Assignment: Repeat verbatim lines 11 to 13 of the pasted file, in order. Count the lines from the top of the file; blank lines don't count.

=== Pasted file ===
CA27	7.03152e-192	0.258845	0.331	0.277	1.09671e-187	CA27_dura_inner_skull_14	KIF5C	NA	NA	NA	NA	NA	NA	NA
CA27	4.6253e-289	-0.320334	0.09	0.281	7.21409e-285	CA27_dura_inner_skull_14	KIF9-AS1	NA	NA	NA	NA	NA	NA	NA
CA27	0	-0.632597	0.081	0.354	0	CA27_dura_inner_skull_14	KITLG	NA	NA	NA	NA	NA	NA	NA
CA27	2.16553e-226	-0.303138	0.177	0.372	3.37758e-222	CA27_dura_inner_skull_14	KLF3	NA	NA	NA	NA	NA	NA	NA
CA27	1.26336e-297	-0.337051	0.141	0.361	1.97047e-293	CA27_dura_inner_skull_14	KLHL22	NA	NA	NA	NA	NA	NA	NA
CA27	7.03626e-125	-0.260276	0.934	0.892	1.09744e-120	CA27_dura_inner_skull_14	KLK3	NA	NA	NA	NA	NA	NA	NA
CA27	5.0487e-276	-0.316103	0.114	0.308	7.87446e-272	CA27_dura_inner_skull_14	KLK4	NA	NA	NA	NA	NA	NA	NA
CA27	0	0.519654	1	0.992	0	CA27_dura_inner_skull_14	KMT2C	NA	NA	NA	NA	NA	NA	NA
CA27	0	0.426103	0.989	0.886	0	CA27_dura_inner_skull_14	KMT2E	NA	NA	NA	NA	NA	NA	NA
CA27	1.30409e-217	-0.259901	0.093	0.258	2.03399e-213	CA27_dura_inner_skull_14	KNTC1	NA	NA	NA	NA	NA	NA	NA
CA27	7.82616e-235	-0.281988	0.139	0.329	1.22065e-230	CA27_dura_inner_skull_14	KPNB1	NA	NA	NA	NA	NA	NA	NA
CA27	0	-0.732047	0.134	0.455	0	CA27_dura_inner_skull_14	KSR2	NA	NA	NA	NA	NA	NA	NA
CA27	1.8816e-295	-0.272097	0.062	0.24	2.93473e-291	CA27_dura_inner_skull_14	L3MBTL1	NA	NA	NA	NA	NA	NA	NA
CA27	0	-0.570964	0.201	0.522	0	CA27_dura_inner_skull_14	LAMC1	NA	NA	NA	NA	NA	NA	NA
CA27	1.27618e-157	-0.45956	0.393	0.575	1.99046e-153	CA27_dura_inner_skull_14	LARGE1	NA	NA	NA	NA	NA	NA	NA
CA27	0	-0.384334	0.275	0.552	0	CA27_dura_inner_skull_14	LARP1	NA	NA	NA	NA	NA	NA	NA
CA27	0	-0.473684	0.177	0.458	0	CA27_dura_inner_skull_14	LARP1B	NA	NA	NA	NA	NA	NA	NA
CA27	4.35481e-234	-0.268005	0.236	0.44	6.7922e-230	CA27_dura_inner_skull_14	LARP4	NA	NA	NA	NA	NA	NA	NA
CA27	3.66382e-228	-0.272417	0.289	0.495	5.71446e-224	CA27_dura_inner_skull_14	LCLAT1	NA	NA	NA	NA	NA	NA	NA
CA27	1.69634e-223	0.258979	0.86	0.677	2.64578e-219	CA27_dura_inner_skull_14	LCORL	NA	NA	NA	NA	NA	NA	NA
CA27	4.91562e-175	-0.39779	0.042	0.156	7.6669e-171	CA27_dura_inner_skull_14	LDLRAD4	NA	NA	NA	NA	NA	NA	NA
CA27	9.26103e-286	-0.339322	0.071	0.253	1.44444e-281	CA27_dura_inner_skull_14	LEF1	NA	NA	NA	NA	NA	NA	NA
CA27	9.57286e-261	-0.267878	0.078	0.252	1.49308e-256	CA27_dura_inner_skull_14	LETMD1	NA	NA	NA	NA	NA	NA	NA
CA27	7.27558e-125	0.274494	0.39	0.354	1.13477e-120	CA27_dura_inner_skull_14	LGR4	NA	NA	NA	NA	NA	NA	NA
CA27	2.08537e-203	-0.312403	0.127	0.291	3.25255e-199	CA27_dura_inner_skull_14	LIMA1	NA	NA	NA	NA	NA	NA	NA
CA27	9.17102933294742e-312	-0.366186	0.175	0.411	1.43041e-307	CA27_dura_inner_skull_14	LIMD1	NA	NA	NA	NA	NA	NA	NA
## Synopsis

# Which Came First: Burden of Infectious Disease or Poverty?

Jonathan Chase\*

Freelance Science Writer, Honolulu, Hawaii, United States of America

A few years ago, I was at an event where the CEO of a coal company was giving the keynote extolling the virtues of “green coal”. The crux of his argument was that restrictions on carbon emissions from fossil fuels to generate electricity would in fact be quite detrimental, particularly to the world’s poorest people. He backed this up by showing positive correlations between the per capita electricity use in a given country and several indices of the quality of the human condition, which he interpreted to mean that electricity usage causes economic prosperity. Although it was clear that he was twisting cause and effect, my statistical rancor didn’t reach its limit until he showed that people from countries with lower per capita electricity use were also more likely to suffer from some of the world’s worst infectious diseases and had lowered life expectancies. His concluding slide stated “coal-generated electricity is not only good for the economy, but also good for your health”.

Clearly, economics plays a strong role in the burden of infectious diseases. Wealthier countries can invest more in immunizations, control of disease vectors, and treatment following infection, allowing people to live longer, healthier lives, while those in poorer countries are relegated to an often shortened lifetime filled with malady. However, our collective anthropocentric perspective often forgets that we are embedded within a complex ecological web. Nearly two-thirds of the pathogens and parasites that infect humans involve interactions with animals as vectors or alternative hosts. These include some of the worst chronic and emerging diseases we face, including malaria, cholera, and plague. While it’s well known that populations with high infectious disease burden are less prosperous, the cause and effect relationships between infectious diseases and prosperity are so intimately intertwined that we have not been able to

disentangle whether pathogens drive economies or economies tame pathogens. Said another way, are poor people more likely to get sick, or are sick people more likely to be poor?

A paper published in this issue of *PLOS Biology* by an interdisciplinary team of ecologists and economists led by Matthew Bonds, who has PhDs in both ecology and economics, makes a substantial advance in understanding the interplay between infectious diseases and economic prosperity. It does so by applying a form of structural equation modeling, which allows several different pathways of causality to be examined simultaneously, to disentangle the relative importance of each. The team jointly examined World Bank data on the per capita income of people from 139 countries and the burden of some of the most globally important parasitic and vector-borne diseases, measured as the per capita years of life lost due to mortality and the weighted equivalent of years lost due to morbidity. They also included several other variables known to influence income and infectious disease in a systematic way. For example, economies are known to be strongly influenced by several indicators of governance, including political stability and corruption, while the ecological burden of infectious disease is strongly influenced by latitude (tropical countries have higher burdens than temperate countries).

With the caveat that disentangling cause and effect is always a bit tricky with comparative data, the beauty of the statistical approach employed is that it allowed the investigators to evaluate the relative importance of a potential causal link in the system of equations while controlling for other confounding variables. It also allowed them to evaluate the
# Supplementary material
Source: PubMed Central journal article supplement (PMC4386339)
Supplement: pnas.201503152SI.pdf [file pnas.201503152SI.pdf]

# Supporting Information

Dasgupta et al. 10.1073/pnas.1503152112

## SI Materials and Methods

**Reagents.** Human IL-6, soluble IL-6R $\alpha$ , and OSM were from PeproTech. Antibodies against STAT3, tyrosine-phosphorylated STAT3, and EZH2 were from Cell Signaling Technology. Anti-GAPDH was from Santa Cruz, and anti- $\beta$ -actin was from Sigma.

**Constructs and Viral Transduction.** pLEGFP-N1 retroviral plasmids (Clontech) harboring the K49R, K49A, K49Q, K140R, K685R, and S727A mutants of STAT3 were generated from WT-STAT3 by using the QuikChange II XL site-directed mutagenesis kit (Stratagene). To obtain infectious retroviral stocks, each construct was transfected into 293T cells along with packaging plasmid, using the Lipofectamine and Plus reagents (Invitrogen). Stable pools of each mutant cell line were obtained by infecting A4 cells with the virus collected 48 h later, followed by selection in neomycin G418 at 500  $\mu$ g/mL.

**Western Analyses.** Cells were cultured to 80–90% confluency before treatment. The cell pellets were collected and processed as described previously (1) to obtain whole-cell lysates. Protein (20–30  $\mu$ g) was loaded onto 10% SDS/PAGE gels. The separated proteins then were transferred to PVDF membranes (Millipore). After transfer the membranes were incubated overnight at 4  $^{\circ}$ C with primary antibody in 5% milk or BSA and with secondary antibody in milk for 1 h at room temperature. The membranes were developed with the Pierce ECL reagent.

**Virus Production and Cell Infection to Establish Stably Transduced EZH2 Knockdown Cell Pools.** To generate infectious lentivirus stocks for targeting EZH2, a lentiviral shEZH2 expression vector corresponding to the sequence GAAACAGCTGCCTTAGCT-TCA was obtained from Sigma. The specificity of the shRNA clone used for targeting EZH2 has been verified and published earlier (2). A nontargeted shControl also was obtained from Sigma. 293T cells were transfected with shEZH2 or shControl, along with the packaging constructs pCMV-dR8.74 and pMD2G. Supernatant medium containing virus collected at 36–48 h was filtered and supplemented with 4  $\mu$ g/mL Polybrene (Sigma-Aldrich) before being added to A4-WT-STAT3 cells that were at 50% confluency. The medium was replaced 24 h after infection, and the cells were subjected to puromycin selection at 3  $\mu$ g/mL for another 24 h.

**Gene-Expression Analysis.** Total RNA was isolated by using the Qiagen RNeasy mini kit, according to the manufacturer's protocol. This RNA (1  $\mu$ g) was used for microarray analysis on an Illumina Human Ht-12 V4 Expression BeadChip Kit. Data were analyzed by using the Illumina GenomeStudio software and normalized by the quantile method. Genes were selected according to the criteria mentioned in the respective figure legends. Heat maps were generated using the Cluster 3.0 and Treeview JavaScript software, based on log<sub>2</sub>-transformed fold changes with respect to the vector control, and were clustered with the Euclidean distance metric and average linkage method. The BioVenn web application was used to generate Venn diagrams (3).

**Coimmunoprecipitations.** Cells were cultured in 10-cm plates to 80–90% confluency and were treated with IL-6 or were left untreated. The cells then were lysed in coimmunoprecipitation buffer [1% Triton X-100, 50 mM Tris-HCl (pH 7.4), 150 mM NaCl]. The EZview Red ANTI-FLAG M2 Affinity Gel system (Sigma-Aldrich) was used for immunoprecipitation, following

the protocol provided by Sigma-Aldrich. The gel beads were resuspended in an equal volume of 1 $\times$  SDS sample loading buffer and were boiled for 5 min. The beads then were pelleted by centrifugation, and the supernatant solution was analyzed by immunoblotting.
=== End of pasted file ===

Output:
CA27	7.82616e-235	-0.281988	0.139	0.329	1.22065e-230	CA27_dura_inner_skull_14	KPNB1	NA	NA	NA	NA	NA	NA	NA
CA27	0	-0.732047	0.134	0.455	0	CA27_dura_inner_skull_14	KSR2	NA	NA	NA	NA	NA	NA	NA
CA27	1.8816e-295	-0.272097	0.062	0.24	2.93473e-291	CA27_dura_inner_skull_14	L3MBTL1	NA	NA	NA	NA	NA	NA	NA